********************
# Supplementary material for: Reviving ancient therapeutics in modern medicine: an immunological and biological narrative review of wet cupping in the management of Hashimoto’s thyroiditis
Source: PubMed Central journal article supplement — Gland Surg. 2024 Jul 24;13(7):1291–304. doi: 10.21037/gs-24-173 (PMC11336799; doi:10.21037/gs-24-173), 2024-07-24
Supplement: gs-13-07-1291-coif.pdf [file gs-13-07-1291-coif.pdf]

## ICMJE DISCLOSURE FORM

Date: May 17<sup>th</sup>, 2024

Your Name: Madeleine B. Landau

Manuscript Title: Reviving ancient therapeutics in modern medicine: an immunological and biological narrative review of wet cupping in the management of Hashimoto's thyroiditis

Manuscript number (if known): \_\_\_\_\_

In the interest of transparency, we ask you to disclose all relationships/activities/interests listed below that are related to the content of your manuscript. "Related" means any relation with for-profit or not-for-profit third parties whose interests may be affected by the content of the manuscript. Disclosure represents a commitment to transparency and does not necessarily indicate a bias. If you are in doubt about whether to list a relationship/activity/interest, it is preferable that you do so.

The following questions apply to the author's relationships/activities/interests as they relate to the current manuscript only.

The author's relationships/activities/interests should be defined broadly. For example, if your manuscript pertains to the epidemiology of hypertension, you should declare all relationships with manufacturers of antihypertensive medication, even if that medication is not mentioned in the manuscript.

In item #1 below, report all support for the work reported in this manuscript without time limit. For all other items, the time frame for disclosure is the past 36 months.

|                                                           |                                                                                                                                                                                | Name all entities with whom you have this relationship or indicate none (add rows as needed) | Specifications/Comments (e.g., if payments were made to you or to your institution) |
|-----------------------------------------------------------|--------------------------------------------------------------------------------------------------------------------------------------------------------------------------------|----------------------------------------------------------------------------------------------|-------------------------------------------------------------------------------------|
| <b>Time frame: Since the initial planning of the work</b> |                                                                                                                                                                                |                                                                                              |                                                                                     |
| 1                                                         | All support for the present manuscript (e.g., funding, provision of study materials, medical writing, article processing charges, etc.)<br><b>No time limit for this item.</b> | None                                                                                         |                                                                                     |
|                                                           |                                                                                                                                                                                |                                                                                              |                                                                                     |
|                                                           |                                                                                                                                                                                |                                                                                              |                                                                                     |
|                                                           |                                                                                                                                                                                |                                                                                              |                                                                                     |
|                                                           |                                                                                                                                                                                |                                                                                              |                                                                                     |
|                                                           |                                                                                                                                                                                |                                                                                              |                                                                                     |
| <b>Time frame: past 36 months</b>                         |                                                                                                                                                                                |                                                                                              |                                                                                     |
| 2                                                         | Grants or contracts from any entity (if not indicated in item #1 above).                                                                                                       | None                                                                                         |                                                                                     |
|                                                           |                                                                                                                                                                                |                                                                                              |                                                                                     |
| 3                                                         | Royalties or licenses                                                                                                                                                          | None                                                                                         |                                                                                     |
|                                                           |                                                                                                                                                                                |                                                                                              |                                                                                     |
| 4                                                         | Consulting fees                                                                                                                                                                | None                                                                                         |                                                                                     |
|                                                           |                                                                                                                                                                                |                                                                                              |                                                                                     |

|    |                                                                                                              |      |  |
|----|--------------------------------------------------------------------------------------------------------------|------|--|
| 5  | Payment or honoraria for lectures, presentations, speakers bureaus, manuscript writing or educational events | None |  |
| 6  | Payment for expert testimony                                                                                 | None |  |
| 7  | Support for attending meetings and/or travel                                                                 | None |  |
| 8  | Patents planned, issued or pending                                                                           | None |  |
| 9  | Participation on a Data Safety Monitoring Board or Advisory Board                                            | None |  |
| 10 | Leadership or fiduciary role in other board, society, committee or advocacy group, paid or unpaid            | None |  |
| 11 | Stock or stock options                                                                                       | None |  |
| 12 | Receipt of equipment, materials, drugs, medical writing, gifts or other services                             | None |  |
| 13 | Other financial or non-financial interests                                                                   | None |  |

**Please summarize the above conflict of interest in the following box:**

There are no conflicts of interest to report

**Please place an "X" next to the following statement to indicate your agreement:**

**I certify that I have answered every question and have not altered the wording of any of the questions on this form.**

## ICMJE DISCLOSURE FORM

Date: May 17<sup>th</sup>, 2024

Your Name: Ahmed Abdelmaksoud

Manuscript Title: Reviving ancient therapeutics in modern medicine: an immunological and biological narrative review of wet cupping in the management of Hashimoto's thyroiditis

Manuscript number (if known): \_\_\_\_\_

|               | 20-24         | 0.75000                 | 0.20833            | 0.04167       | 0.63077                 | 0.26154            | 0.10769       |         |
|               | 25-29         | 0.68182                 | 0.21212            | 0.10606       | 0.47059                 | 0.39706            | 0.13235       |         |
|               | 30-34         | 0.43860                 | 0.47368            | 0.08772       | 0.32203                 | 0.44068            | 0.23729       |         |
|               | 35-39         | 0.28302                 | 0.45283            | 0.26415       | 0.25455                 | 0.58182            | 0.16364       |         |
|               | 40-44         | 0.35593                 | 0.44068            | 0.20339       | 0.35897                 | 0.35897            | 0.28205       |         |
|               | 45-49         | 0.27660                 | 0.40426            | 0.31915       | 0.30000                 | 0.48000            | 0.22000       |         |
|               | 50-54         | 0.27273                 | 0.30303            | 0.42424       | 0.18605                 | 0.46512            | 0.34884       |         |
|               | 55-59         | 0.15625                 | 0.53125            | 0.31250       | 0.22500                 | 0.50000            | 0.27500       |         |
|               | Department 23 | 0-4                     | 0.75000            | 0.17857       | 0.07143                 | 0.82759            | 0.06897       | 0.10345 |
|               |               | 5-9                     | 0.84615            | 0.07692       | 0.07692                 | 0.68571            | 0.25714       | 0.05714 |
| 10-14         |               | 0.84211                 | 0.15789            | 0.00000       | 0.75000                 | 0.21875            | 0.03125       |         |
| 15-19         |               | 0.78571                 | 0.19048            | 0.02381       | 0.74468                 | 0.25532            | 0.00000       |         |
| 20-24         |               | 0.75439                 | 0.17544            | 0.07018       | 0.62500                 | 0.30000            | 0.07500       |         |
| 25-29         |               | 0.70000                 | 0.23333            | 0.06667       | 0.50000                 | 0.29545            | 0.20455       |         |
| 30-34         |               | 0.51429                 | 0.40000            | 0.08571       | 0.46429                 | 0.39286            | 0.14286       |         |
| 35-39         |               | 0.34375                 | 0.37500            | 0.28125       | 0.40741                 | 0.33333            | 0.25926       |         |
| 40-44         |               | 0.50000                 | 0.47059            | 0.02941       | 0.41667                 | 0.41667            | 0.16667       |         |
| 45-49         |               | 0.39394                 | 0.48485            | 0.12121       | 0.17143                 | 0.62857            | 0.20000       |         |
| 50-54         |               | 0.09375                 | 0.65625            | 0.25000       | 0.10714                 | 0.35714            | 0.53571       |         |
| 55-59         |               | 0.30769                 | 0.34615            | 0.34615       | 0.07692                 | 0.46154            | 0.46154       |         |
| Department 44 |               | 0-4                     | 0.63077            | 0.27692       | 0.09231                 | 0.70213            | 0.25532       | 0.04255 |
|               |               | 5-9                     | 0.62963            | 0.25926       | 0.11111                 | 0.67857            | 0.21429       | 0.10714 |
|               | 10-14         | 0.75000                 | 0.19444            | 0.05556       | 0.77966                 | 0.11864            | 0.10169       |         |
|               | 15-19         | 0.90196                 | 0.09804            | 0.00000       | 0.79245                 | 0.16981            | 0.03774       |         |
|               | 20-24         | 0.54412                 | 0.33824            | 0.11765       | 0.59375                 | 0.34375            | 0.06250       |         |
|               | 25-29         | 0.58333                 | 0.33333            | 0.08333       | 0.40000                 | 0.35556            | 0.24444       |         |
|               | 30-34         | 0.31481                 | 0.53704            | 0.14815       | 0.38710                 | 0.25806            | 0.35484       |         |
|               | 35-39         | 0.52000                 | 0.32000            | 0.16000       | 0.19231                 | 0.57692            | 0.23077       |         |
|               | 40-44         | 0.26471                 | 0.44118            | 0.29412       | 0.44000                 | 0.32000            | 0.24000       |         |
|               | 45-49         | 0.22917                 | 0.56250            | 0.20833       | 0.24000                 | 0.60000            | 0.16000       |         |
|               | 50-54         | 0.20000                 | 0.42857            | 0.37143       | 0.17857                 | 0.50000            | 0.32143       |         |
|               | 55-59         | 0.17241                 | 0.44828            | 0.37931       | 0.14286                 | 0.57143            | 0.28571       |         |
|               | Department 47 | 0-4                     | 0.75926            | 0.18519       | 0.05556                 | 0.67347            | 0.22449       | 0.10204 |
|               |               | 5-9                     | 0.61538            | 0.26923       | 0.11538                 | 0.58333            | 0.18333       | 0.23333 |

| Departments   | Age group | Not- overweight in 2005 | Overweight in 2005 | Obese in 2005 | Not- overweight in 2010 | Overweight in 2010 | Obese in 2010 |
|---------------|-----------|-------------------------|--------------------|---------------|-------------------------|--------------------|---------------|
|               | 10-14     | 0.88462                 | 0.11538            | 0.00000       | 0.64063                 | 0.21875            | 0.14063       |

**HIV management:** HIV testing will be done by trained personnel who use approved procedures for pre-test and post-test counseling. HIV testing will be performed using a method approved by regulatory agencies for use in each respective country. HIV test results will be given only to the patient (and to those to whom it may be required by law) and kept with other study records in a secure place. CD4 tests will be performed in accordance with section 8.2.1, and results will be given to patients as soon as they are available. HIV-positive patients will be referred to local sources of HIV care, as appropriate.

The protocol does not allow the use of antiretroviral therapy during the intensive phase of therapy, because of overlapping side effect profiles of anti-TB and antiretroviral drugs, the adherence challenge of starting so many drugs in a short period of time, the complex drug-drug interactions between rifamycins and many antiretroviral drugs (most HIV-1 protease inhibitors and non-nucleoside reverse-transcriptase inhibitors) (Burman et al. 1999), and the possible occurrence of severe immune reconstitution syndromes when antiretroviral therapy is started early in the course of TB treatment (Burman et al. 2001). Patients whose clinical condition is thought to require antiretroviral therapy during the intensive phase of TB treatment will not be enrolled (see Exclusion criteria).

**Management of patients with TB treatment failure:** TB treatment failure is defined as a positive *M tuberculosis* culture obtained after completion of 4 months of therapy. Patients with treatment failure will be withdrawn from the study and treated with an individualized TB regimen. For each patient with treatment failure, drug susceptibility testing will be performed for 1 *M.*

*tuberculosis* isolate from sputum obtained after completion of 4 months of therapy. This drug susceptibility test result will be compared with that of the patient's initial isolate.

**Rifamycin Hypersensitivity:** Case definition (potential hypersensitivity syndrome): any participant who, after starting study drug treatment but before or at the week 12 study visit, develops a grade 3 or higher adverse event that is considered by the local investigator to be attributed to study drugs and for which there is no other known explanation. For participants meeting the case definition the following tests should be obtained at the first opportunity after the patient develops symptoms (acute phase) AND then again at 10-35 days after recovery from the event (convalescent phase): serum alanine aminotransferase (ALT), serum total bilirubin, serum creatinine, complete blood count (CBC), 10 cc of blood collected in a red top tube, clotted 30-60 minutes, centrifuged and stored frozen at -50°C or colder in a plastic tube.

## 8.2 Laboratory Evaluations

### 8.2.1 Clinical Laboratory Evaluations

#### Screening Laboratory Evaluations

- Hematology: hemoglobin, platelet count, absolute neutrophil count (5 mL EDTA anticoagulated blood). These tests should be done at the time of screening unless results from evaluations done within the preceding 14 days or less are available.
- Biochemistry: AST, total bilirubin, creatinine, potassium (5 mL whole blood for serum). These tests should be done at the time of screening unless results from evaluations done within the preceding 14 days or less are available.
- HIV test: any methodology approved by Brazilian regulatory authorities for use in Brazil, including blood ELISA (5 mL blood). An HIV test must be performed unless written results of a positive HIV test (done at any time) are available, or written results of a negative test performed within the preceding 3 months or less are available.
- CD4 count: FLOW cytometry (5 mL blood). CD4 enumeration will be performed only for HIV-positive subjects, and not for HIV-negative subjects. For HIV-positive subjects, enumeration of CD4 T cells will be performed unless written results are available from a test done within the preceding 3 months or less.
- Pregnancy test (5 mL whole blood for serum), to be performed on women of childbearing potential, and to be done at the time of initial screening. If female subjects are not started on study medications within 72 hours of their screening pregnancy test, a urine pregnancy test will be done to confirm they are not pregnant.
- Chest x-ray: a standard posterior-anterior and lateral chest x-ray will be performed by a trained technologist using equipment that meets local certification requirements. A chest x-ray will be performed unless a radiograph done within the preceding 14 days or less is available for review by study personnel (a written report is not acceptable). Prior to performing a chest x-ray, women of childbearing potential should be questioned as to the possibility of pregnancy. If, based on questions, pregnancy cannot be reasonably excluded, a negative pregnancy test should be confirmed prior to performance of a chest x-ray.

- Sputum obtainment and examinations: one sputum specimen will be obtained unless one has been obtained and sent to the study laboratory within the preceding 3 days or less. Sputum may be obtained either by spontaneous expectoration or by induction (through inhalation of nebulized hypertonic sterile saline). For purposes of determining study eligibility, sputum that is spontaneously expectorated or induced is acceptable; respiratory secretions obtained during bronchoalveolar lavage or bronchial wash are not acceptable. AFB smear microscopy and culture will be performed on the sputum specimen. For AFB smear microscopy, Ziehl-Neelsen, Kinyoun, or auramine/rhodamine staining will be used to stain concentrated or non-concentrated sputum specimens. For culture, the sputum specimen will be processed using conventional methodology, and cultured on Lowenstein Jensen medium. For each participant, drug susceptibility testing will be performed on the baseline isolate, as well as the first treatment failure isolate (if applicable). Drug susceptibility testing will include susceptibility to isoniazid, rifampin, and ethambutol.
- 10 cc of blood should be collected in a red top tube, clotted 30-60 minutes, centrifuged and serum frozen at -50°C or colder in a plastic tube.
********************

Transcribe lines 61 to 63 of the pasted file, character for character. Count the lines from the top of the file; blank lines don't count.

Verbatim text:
| 20-24         |               | 0.75439                 | 0.17544            | 0.07018       | 0.62500                 | 0.30000            | 0.07500       |         |
| 25-29         |               | 0.70000                 | 0.23333            | 0.06667       | 0.50000                 | 0.29545            | 0.20455       |         |
| 30-34         |               | 0.51429                 | 0.40000            | 0.08571       | 0.46429                 | 0.39286            | 0.14286       |         |